This article was first published in ‘Tai Chi and Oriental Arts Magazine’ about 12 years ago and has been republished in various places over the years. This is a revised version of the original article.
A fun example
If you attended an evening course to learn conversational French, you probably wouldn’t be pleased if the tutor simply taught you how to speak English with a French accent. It may have a certain ‘Je nais se quoi’, but if you went to France to use your new pseudo-language skills, it is doubtful that you would get very far – and you might upset a few French people en-route. A mock French accent might be relatively easy to get the hang of but it wouldn’t equate to having actually learned a new language, instead just being a case of même merde seau different*. As for someone who really thought that they had learned a new language; you would have to question the level of their intelligence wouldn’t you? Unfortunately, this is the way that the majority of Tai Chi (Taiji/Taijiquan) is taught. In this article I will discuss how developing body skill should be the first and ongoing step in Tai Chi, otherwise the vast majority of the superb physio-cognitive skills and benefits can never be actualised.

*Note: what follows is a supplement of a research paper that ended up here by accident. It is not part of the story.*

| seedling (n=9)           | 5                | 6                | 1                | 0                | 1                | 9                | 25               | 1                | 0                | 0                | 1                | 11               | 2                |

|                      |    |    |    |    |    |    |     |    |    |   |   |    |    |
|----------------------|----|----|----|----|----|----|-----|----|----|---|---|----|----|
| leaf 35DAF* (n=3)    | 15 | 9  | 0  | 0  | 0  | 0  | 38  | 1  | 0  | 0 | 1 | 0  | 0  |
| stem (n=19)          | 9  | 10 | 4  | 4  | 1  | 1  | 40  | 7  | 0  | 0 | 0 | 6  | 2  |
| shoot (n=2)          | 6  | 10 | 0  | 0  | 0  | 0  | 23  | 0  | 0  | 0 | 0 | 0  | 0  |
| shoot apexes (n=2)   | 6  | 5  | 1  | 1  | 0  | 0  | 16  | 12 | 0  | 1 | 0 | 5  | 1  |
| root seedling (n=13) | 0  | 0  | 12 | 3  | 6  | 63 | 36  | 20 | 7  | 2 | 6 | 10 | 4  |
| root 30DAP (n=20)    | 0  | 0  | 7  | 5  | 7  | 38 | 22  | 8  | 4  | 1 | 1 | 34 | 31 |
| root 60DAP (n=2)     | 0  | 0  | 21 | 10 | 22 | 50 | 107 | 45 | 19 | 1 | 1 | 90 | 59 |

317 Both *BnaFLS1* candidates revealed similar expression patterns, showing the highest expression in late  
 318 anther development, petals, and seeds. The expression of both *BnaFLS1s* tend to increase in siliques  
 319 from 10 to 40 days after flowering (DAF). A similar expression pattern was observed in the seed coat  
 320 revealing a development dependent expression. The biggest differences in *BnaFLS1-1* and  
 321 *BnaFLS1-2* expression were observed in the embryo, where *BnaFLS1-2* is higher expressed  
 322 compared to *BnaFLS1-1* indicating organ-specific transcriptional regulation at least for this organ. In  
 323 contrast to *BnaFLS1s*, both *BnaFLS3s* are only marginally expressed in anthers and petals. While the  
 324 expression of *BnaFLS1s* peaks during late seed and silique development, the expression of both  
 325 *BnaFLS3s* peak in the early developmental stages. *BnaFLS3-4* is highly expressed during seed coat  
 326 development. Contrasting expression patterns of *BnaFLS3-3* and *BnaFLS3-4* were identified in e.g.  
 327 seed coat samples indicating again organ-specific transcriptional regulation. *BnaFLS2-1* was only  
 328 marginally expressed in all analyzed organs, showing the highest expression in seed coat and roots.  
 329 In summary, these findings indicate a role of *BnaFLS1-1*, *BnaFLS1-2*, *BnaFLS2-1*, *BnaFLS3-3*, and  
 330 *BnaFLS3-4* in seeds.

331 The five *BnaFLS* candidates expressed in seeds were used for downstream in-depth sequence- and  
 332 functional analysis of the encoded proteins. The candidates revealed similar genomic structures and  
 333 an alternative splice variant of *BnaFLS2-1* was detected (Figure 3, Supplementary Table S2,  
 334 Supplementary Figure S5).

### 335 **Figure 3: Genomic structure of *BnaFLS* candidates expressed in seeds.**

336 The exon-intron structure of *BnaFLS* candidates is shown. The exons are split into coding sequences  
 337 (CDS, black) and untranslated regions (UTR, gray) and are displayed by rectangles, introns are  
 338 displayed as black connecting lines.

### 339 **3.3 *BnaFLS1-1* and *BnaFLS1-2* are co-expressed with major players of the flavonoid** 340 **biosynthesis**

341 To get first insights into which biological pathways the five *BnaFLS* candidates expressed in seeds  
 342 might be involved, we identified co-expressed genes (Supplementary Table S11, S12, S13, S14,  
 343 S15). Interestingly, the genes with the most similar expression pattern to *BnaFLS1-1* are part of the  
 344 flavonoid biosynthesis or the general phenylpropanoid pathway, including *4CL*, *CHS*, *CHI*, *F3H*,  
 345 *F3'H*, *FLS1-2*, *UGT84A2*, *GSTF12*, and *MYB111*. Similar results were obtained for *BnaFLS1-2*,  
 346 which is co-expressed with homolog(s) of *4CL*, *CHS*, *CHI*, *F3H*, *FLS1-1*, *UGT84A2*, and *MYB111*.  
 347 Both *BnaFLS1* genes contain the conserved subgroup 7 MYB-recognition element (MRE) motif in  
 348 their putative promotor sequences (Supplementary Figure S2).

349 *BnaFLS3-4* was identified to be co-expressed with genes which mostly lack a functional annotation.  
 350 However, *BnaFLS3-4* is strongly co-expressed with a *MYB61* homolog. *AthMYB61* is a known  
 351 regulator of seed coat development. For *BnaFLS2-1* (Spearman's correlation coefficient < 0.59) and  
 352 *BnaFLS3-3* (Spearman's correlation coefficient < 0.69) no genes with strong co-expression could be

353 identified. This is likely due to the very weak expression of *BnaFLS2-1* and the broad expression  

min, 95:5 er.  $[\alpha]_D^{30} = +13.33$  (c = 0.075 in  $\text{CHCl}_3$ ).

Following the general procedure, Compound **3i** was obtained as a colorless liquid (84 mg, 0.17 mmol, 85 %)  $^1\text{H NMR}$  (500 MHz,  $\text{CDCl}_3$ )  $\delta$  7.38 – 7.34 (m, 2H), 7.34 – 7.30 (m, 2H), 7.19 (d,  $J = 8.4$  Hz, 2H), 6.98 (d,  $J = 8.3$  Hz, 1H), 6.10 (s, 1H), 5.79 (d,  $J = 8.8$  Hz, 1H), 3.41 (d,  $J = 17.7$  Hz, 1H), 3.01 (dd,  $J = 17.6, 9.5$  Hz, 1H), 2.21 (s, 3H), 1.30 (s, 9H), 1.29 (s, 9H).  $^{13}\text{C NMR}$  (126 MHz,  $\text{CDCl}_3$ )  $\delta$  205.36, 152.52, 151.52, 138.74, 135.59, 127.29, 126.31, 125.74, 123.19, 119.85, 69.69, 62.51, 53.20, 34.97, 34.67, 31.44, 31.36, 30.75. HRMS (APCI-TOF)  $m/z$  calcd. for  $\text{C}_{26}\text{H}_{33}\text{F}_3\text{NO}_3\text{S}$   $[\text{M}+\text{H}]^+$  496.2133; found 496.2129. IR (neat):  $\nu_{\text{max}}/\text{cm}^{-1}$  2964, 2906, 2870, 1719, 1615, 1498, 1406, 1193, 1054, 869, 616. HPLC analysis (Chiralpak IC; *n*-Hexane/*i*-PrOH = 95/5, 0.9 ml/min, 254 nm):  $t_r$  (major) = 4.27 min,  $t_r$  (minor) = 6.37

*same shit different bucket
It is a common phenomenon that once something becomes popularised it tends to lose much of its original purpose, value and meaning. Training methods from the East such as Tai Chi, Qigong, Yoga and Meditation have been highly misconstrued, diluted and intellectualised over time to be easy and convenient for the modern human’s fragile palette. Unfortunately, anything that’s quick, easy and convenient to learn doesn’t usually produce the goods. When learning something worthwhile physio-pyschological discomfort is a natural part of the process and integral to the reconfiguration of the most visceral aspects of ourselves. Without the essential discomfort of change the real and sublime fruits of such transformational arts cannot be harvested.
Emphasis on learning forms is a modern phenomenon; it has nothing to do with learning Tai Chi – but is very marketable.
In most Tai Chi classes a long time is spent trying to remember the choreography of forms i.e. set sequences of movements, of varying lengths. Little or no attention is paid to body development – students simply follow along with a teacher repeating movements until they can be mimicked in a fashion, perhaps with some obscure philosophy and dubious breathing exercises thrown in to further distract the practitioner. Once a form is remembered students usually move onto the task of remembering yet another form or awful fighting applications involving mimicked movements.